The UCI held spots for elite athletes, male and female, mainly from the WorldTour ranks, via wildcard invitations. Every nation has 20 spots to give, which seems a lot for the Vatican, or not enough for the USA, but this is to allow for household names to be able to come and race, without having had to have done any gravel racing this season, or perhaps ever.
In many ways, this is great for the sport of gravel, as big names will get big attention, and a rising tide lifts all boats, right?
One simply had to get in touch with their national federation to request a spot. I actually ended up having to do this, too, otherwise I would be racing only for my age group. Luckily, Cycling Australia has been keeping an eye on things, and there was no problem for myself or Adam Blazevic – another non-WorldTour pro – to enter into the elite category.
The major players
So, who are the major players? And who are the major nations?
Safe to say, the level will be higher than anything else experienced in gravel to date. Sadly, the main-stage male riders from the USA don't seem to be making the trip over for the event, which is a huge loss as I was very interested to see how they would perform outside of their bubble and camper-vans. But it's a long way for them to come for a one-day race this late in the season, so I get it.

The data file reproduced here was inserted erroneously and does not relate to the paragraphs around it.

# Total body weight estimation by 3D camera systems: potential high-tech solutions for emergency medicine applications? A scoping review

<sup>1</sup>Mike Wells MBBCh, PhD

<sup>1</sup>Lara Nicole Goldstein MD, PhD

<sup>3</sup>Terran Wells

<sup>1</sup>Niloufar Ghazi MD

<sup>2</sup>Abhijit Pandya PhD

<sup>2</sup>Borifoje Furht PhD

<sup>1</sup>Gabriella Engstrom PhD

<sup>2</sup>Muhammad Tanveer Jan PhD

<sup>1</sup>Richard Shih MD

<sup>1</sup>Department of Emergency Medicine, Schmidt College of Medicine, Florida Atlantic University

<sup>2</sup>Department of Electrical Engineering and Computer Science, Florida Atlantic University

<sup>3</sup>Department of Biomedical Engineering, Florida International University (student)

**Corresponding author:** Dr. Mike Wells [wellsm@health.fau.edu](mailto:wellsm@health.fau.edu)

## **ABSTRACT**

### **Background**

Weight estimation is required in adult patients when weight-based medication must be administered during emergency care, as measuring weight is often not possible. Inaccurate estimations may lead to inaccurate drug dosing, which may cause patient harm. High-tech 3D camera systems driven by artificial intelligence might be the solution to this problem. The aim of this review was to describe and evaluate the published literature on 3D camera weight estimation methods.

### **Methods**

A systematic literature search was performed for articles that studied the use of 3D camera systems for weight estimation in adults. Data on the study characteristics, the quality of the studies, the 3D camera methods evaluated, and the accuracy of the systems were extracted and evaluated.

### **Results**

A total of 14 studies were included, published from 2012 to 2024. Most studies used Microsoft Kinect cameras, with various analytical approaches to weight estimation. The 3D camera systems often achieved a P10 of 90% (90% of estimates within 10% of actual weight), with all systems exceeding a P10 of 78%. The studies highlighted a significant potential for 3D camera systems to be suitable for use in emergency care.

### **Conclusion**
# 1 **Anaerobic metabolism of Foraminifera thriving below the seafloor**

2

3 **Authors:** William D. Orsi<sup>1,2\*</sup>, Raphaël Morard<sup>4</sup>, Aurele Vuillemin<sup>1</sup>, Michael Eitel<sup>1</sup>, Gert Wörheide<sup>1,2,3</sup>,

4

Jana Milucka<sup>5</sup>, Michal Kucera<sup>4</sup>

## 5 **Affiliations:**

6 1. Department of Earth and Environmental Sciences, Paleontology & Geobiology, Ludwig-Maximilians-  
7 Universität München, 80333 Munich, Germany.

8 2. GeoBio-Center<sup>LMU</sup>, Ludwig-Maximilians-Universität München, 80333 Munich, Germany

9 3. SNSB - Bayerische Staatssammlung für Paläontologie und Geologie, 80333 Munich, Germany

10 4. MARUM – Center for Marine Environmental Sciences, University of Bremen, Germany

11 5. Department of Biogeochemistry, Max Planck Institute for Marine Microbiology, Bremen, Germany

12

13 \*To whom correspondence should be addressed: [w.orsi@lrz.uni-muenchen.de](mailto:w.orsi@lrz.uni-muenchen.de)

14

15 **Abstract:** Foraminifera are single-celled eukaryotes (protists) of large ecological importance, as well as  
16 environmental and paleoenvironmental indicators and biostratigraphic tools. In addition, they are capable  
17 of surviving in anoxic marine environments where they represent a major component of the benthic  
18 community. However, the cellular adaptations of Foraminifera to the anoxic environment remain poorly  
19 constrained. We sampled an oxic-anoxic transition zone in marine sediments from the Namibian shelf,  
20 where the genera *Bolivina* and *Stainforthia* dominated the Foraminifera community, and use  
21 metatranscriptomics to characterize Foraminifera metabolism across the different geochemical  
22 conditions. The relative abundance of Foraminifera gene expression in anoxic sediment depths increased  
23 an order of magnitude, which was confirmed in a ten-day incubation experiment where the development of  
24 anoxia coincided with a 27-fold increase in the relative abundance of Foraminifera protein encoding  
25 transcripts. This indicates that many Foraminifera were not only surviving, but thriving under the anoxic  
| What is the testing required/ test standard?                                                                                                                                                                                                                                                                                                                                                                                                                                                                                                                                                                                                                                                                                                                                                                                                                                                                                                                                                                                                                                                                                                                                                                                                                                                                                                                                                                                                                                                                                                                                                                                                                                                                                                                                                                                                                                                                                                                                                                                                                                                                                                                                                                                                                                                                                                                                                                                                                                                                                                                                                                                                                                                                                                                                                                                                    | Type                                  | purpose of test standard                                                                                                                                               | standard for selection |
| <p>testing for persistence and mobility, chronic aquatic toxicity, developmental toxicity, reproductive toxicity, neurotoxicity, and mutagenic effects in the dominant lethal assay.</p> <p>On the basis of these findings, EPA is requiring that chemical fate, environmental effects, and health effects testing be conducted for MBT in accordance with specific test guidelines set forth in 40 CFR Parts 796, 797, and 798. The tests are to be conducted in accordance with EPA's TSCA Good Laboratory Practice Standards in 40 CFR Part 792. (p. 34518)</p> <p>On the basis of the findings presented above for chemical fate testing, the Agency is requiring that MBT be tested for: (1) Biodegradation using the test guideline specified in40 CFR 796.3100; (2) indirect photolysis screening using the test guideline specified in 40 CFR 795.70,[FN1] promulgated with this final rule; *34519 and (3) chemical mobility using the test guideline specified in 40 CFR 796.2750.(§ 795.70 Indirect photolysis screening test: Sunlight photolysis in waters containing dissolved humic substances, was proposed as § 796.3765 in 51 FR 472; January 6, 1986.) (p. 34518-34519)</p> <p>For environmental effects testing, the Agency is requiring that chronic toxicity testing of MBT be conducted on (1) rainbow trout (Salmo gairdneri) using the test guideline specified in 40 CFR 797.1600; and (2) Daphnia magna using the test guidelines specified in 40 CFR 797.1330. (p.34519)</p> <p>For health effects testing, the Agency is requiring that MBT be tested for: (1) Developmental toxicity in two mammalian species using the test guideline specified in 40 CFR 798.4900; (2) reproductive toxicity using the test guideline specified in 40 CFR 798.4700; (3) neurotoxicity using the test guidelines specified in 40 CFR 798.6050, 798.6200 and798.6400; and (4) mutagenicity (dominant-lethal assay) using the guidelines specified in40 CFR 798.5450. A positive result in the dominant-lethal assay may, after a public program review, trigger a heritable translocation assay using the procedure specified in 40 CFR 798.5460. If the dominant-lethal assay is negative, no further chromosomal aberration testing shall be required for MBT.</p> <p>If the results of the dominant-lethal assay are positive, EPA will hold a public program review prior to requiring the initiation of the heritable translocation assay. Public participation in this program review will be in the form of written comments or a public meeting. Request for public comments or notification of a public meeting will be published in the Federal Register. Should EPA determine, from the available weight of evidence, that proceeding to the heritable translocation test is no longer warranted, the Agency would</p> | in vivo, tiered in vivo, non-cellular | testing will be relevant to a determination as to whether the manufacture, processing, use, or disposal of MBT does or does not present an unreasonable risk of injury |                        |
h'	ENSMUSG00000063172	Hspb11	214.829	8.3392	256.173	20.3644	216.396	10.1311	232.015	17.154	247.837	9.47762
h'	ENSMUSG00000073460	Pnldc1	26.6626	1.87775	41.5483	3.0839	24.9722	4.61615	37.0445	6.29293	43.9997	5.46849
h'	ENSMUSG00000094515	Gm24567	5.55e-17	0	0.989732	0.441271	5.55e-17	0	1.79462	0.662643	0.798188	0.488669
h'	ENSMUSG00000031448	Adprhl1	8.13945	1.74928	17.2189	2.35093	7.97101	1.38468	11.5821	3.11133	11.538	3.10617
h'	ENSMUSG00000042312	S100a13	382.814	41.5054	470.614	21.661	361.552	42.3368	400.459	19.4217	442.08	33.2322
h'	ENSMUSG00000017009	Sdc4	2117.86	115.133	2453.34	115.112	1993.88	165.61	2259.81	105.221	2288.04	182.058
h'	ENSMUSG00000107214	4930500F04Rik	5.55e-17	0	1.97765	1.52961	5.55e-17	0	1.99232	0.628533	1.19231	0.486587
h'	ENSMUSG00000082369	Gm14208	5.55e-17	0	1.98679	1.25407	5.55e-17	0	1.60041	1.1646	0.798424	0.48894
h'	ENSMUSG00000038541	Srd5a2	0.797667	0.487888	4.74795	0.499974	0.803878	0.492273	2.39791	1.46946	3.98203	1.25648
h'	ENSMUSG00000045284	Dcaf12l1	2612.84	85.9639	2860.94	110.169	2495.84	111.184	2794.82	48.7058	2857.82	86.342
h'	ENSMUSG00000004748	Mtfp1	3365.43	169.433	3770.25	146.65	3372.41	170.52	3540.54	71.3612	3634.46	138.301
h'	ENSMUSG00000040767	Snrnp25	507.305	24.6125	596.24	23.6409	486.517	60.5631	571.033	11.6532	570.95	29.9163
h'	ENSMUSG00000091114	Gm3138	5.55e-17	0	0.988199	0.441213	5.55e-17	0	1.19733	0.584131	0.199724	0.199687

For the women, Pauline Ferrand-Prévot is confirmed for France, which adds a very serious contender with her off-road skills and her enormous engine. Australia's Tiffany Cromwell, who rides on the road for Canyon-Sram, joins the race with her epic off-road palmarès putting her into favourite territory.
I'd be surprised if the USA didn't produce a serious charge at victory, with a squad that includes Lauren De Crescenzo, Holly Mathews and Sarah Sturm. From what I've seen, they are a very experienced group of gravel racers and know how to work as a team.
But it's hard to know whether any nation will really end up working together or whether the riders, as those championing the 'spirit of gravel' would suggest, prefer to race for themselves.